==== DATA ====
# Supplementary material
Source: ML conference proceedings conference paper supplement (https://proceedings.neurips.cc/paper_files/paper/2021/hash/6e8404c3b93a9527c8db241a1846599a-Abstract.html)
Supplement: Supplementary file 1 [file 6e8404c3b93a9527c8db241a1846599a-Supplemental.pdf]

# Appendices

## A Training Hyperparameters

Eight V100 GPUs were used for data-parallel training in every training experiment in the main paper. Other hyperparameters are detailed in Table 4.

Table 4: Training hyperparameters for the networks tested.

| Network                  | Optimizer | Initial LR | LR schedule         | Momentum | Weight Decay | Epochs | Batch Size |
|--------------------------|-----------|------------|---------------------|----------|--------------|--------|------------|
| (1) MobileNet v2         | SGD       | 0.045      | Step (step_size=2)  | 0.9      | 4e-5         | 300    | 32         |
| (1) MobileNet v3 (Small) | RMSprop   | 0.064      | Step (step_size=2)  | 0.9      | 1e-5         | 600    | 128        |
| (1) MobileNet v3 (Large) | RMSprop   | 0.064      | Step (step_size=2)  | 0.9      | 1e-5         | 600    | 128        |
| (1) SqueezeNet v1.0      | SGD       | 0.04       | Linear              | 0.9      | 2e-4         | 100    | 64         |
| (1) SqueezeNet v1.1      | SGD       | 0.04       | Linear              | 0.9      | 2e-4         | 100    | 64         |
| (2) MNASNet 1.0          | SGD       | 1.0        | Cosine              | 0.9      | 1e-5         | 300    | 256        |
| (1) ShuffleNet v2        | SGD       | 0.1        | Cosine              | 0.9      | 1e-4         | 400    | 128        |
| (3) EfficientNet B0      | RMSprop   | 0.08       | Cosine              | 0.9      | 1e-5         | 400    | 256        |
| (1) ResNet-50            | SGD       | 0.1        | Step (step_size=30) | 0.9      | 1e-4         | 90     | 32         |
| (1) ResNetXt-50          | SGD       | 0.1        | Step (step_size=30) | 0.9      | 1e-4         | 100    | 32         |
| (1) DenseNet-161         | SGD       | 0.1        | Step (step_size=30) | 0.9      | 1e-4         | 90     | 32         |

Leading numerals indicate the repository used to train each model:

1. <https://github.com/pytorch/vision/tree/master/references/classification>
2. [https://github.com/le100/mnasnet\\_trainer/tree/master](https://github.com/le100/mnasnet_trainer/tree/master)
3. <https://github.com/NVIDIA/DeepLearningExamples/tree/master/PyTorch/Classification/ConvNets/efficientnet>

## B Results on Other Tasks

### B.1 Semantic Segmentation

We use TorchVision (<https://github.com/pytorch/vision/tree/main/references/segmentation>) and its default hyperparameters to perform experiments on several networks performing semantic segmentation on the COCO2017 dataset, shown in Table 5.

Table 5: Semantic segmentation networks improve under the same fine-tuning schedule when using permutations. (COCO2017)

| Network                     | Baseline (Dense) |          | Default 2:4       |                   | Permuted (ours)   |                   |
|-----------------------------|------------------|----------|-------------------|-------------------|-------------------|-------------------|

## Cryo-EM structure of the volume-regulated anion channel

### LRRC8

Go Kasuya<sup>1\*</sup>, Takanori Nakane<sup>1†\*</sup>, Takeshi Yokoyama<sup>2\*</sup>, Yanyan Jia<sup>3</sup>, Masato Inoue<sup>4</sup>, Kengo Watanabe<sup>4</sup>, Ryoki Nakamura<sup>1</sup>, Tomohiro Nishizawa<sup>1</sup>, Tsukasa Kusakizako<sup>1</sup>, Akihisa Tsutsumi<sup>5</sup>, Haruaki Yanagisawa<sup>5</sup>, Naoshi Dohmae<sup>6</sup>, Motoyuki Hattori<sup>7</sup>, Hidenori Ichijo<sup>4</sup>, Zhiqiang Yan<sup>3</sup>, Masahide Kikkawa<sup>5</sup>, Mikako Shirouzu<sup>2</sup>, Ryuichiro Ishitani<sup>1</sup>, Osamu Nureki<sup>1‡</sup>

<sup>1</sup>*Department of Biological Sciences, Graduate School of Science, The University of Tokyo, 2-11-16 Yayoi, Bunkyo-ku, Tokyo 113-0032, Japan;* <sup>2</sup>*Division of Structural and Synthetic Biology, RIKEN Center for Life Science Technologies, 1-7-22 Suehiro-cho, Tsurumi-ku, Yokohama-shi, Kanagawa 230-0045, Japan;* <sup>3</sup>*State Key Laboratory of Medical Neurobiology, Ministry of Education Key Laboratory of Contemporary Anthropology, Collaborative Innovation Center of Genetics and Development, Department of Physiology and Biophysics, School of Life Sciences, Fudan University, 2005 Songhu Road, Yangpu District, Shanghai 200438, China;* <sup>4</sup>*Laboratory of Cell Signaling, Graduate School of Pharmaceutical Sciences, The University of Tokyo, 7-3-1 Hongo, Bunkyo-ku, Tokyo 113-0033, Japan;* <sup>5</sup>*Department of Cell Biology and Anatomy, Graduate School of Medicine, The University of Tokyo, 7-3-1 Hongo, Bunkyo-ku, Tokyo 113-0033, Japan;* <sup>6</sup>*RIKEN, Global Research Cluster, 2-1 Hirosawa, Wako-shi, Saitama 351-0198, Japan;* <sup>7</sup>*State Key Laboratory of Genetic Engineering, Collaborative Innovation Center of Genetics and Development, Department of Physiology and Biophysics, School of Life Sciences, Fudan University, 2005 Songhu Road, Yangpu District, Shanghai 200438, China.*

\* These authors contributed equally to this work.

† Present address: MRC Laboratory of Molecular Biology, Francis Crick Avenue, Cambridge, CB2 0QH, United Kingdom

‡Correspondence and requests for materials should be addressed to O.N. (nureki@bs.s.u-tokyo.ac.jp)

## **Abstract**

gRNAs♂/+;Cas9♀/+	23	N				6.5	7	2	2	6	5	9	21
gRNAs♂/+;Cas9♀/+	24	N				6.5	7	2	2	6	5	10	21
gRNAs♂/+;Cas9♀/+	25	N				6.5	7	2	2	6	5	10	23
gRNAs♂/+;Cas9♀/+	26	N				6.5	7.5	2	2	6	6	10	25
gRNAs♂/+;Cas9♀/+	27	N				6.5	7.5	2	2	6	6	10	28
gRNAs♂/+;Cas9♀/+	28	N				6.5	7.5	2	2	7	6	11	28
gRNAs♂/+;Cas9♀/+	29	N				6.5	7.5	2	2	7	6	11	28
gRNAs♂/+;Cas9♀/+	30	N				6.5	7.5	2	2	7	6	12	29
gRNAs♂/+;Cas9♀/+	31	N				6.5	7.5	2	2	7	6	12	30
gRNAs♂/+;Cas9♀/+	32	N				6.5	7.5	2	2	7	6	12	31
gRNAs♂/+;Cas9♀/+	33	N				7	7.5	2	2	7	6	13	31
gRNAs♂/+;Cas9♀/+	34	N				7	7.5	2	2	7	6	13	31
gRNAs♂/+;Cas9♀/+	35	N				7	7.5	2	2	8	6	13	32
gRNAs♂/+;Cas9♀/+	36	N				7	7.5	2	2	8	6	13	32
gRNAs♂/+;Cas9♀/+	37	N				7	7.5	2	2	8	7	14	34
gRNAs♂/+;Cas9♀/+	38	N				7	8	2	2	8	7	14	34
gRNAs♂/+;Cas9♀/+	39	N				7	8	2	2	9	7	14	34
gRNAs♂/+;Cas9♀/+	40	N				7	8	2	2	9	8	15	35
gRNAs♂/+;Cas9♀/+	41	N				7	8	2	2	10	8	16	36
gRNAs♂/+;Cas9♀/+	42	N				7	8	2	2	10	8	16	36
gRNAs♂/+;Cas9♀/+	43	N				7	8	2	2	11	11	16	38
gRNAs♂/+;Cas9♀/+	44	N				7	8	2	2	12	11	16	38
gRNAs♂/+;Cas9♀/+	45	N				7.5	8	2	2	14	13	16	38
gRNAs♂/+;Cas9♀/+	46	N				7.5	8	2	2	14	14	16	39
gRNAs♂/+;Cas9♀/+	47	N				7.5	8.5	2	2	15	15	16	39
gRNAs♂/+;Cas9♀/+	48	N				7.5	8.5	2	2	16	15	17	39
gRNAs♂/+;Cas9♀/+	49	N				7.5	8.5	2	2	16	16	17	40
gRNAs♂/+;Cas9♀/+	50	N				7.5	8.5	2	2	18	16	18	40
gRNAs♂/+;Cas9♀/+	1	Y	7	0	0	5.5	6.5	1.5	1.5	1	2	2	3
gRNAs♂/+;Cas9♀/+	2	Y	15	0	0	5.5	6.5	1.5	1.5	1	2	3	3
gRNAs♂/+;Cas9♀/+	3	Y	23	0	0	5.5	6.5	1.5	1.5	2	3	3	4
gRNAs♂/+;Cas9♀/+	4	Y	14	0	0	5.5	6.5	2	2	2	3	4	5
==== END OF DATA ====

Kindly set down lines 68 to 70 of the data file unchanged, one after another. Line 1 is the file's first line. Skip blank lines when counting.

gRNAs♂/+;Cas9♀/+	2	Y	15	0	0	5.5	6.5	1.5	1.5	1	2	3	3
gRNAs♂/+;Cas9♀/+	3	Y	23	0	0	5.5	6.5	1.5	1.5	2	3	3	4
gRNAs♂/+;Cas9♀/+	4	Y	14	0	0	5.5	6.5	2	2	2	3	4	5